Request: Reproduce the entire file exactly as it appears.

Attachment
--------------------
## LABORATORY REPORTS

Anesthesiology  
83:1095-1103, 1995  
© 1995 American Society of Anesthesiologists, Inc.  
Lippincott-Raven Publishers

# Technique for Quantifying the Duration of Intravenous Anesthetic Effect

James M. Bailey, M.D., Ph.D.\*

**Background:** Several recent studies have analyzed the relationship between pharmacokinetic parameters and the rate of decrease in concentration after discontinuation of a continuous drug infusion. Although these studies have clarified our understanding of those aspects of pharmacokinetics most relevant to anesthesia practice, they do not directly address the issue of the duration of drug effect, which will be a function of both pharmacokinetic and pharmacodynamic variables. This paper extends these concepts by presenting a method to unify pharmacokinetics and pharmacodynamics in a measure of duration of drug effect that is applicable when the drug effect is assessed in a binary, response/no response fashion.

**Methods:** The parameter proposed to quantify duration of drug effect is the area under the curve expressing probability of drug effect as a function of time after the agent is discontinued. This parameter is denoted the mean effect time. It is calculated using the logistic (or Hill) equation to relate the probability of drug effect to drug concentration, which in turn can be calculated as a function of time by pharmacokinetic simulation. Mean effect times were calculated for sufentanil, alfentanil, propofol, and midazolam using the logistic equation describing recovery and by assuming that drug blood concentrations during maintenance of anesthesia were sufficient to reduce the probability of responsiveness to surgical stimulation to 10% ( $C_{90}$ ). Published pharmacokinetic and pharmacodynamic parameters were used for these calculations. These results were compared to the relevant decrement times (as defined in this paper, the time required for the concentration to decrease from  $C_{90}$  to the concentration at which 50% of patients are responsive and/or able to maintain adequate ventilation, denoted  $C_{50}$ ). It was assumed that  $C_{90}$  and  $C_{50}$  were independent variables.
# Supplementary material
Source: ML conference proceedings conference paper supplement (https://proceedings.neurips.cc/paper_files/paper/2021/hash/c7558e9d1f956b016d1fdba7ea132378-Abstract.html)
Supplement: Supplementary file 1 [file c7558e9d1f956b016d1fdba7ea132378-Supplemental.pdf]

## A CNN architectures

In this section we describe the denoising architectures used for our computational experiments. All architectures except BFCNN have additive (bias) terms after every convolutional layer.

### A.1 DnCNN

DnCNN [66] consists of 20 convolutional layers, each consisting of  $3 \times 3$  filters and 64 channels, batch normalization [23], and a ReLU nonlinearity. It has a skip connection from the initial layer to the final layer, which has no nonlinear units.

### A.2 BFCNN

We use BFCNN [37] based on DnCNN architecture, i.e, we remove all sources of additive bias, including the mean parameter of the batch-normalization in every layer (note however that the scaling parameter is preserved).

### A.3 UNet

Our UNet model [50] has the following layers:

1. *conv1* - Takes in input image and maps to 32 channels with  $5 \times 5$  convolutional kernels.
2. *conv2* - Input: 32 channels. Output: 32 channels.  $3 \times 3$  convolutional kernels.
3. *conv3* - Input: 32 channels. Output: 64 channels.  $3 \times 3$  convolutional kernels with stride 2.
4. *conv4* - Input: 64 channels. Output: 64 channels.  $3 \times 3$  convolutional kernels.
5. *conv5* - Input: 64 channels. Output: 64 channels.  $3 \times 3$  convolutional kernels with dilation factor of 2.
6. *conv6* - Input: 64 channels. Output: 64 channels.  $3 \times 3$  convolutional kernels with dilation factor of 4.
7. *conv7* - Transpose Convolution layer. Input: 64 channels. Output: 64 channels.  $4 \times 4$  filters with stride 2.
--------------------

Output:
## LABORATORY REPORTS

Anesthesiology  
83:1095-1103, 1995  
© 1995 American Society of Anesthesiologists, Inc.  
Lippincott-Raven Publishers

# Technique for Quantifying the Duration of Intravenous Anesthetic Effect

James M. Bailey, M.D., Ph.D.\*

**Background:** Several recent studies have analyzed the relationship between pharmacokinetic parameters and the rate of decrease in concentration after discontinuation of a continuous drug infusion. Although these studies have clarified our understanding of those aspects of pharmacokinetics most relevant to anesthesia practice, they do not directly address the issue of the duration of drug effect, which will be a function of both pharmacokinetic and pharmacodynamic variables. This paper extends these concepts by presenting a method to unify pharmacokinetics and pharmacodynamics in a measure of duration of drug effect that is applicable when the drug effect is assessed in a binary, response/no response fashion.

**Methods:** The parameter proposed to quantify duration of drug effect is the area under the curve expressing probability of drug effect as a function of time after the agent is discontinued. This parameter is denoted the mean effect time. It is calculated using the logistic (or Hill) equation to relate the probability of drug effect to drug concentration, which in turn can be calculated as a function of time by pharmacokinetic simulation. Mean effect times were calculated for sufentanil, alfentanil, propofol, and midazolam using the logistic equation describing recovery and by assuming that drug blood concentrations during maintenance of anesthesia were sufficient to reduce the probability of responsiveness to surgical stimulation to 10% ( $C_{90}$ ). Published pharmacokinetic and pharmacodynamic parameters were used for these calculations. These results were compared to the relevant decrement times (as defined in this paper, the time required for the concentration to decrease from  $C_{90}$  to the concentration at which 50% of patients are responsive and/or able to maintain adequate ventilation, denoted  $C_{50}$ ). It was assumed that  $C_{90}$  and  $C_{50}$  were independent variables.
# Supplementary material
Source: ML conference proceedings conference paper supplement (https://proceedings.neurips.cc/paper_files/paper/2021/hash/c7558e9d1f956b016d1fdba7ea132378-Abstract.html)
Supplement: Supplementary file 1 [file c7558e9d1f956b016d1fdba7ea132378-Supplemental.pdf]

## A CNN architectures

In this section we describe the denoising architectures used for our computational experiments. All architectures except BFCNN have additive (bias) terms after every convolutional layer.

### A.1 DnCNN

DnCNN [66] consists of 20 convolutional layers, each consisting of  $3 \times 3$  filters and 64 channels, batch normalization [23], and a ReLU nonlinearity. It has a skip connection from the initial layer to the final layer, which has no nonlinear units.

### A.2 BFCNN

We use BFCNN [37] based on DnCNN architecture, i.e, we remove all sources of additive bias, including the mean parameter of the batch-normalization in every layer (note however that the scaling parameter is preserved).

### A.3 UNet

Our UNet model [50] has the following layers:

1. *conv1* - Takes in input image and maps to 32 channels with  $5 \times 5$  convolutional kernels.
2. *conv2* - Input: 32 channels. Output: 32 channels.  $3 \times 3$  convolutional kernels.
3. *conv3* - Input: 32 channels. Output: 64 channels.  $3 \times 3$  convolutional kernels with stride 2.
4. *conv4* - Input: 64 channels. Output: 64 channels.  $3 \times 3$  convolutional kernels.
5. *conv5* - Input: 64 channels. Output: 64 channels.  $3 \times 3$  convolutional kernels with dilation factor of 2.
6. *conv6* - Input: 64 channels. Output: 64 channels.  $3 \times 3$  convolutional kernels with dilation factor of 4.
7. *conv7* - Transpose Convolution layer. Input: 64 channels. Output: 64 channels.  $4 \times 4$  filters with stride 2.